This is probably as good a definition of literary fantasy as I’m likely to articulate, so I should just knock it on the head now (I should certainly quit while I’m ahead with the mountain-climbing metaphor). In terms of the Jub Jub’s stated aims though, I feel myself drawn increasingly towards the exponents of New Weird and Now Weird, because that’s where the ground-breaking and thought-provoking work is going on; weird is the vanguard. The recent commodification of the movement means that more and more authors who are pushing the boundaries are being brought to our attention, which is great. I believe it will also mean more and more of the weird imagery seeping in to popular culture, inevitably at the expense of the style, which will mean it ceases to be New Weird by (my, embryonic) definition. But the underground will continue to push the envelope and set the agenda; and the rules of the game are changing in its favour, with blogs and on-line publishing making it ever-easier for niche interest groups to come together, on sites like those highlighted by Damien. Marginal literature of all forms, and weird writing in particular, will continue to find audiences regardless of mainstream prejudices, which may themselves become less important as the means of distribution becomes more accessible.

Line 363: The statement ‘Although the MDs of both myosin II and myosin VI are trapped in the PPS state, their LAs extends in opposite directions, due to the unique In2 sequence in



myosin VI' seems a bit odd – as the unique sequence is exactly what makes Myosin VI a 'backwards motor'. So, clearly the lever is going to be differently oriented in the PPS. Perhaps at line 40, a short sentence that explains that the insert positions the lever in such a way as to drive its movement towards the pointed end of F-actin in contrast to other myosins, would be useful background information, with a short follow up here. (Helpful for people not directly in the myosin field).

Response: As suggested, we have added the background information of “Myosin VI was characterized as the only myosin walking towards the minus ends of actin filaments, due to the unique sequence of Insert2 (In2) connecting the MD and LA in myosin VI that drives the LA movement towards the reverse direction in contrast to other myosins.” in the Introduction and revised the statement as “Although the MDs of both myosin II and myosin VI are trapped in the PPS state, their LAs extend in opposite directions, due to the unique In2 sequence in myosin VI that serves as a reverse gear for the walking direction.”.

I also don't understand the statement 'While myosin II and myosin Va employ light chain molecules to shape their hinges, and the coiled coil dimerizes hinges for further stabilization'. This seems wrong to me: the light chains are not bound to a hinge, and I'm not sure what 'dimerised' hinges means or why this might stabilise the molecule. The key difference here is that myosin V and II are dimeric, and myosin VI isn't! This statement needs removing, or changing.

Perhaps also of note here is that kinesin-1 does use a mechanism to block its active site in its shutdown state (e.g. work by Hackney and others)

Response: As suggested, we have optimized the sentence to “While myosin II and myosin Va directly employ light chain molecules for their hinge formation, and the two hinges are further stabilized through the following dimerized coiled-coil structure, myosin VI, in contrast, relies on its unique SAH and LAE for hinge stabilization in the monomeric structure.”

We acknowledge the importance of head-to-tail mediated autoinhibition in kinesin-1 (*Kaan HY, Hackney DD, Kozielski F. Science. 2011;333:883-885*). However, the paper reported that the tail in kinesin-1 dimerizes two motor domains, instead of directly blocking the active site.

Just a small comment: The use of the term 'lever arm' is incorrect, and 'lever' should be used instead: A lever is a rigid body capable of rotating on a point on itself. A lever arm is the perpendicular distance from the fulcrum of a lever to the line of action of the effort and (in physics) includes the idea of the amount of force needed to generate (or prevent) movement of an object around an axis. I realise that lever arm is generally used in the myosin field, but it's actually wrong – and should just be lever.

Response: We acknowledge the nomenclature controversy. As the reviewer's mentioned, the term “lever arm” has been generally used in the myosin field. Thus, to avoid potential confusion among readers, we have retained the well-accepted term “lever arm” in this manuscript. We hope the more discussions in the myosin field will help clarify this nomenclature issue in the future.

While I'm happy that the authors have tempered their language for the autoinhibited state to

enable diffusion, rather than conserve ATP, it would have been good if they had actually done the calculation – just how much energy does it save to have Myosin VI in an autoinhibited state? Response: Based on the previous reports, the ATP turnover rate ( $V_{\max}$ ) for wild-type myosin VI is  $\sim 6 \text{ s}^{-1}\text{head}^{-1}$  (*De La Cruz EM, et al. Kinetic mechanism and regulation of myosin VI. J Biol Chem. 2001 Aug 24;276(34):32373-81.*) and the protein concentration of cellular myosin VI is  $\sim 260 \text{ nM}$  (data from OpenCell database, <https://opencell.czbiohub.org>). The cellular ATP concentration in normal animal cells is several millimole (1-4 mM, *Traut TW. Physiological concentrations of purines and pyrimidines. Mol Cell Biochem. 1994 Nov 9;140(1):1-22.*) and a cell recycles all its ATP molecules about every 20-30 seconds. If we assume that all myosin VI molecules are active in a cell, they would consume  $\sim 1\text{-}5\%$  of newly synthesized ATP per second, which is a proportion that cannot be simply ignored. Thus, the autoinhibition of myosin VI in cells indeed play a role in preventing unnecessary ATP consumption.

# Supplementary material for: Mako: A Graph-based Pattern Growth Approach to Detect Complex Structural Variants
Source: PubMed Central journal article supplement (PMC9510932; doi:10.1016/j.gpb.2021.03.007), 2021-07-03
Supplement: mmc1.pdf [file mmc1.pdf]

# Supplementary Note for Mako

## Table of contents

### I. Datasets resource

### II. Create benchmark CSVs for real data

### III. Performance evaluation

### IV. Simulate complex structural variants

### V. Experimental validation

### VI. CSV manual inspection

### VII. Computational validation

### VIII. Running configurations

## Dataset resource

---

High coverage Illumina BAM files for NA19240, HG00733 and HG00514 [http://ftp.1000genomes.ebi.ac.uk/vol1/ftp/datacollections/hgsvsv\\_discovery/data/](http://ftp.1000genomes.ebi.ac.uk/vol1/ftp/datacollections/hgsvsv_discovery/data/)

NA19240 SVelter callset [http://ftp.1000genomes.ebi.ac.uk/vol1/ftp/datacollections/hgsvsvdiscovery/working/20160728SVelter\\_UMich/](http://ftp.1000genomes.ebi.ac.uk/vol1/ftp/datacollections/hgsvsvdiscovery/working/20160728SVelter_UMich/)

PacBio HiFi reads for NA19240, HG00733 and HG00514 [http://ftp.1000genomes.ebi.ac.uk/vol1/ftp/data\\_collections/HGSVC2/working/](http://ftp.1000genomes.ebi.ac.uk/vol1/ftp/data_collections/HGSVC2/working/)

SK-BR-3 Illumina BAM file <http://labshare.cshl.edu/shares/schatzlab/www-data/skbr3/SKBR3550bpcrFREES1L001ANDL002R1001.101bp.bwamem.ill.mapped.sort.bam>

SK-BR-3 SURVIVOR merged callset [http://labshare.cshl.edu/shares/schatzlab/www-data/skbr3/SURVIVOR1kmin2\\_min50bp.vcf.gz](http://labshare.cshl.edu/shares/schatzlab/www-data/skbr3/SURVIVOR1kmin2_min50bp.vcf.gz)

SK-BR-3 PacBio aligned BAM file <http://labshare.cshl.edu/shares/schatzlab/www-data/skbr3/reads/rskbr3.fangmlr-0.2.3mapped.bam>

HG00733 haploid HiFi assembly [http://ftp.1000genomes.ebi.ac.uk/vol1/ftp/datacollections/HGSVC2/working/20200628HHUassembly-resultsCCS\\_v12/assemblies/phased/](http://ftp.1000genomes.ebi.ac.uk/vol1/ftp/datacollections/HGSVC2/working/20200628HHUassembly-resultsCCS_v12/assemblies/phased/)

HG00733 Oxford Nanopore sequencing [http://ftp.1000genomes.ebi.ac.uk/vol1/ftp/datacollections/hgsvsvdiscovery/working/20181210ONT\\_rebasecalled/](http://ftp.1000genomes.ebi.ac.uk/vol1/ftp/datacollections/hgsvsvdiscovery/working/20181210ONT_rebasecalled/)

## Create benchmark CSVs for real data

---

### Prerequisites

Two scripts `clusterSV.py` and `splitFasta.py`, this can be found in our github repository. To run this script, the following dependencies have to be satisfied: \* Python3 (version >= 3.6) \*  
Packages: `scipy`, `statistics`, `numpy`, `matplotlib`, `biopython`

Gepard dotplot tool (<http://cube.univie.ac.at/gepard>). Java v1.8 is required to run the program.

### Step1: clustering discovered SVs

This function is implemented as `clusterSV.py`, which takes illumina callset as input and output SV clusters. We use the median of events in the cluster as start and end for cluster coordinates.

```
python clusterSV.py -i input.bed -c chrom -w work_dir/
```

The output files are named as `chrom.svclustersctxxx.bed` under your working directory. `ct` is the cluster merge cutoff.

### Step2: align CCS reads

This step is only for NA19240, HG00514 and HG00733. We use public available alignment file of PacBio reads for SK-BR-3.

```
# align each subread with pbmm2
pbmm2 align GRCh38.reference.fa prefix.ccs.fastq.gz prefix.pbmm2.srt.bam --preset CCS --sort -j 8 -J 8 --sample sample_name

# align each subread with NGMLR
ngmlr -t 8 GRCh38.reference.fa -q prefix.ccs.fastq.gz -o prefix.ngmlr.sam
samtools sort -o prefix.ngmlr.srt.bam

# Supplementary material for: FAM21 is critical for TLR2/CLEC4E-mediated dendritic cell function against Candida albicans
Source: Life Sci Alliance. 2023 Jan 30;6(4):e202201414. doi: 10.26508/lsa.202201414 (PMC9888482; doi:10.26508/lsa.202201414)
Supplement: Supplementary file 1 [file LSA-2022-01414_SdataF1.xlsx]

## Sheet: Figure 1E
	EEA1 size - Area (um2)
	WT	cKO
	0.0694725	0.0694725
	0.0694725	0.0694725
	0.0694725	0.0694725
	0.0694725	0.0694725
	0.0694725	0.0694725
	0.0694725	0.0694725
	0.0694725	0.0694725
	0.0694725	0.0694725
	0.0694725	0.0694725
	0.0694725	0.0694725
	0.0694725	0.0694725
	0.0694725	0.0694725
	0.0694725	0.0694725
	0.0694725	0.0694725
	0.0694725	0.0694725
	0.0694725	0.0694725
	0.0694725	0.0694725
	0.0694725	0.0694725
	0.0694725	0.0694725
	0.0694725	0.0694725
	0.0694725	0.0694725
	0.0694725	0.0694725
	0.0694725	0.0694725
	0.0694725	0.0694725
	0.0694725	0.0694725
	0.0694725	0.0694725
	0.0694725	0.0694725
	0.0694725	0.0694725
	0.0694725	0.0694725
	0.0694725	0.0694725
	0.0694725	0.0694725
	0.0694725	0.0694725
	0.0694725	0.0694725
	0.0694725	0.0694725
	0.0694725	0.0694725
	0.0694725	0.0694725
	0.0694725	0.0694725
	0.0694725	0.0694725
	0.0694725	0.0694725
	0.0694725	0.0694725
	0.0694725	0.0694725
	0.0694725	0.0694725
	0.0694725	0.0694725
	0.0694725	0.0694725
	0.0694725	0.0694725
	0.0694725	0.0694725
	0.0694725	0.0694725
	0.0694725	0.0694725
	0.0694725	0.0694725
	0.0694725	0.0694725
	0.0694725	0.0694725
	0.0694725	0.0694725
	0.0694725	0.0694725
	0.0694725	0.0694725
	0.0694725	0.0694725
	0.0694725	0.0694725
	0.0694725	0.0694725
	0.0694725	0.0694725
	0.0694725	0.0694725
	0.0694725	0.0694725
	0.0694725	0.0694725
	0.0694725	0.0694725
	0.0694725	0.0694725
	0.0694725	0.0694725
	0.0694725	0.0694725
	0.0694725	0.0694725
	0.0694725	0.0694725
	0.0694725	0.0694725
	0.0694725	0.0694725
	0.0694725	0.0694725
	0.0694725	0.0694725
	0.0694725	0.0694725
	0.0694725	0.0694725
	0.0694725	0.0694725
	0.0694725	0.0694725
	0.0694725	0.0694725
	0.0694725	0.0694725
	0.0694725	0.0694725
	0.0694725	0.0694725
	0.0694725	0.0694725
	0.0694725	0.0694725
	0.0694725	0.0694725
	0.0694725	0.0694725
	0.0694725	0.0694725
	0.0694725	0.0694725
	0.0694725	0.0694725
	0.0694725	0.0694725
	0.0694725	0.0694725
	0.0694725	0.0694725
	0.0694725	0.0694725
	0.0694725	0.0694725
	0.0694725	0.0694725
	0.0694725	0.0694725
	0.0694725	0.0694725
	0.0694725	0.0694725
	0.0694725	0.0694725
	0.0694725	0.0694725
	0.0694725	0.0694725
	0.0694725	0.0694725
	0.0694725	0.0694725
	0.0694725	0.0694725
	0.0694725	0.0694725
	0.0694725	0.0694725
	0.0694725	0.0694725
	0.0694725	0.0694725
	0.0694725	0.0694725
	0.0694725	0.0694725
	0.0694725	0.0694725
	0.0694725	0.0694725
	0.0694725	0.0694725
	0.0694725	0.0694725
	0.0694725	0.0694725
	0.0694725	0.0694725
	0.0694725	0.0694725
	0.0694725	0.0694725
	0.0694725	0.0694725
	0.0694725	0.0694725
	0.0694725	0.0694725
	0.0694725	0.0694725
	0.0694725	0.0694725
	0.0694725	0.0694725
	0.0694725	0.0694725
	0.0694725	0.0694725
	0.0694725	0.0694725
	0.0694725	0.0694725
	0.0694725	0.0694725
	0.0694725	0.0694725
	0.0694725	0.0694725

So where next for the New Weird? Well, the mainstream. Continuing the musical theme, I’ve made the analogy with prog-rock / punk-rock before, and it still holds for me (China Miéville is the new Johnny Rotten!). If the aftermath of post-punk is anything to go by, after a massive jolt from fatasy to weird, and the subsequent death of New Weird itself, I suspect we’ll see a gradual expansion of weird themes into other genres and more traditional fantasy areas. We’re already seeing some noir-weird, myth-weird, space-opera weird and horror-weird is well established; some of the more outlandish imagery will be toned down, to suit tastes, or as authors pursue different ends, but the weird influence will percolate further into popular consciousness and become increasingly established as part of the language of speculative fiction. Pop will eat itself of course, so it’s only a matter of time before we have multi-volumed, epic weird fiction; in the meantime I hope we see a host of new, experimental writers, pushing the form in innovative and interesting directions, paving the way for the mainstream of tomorrow.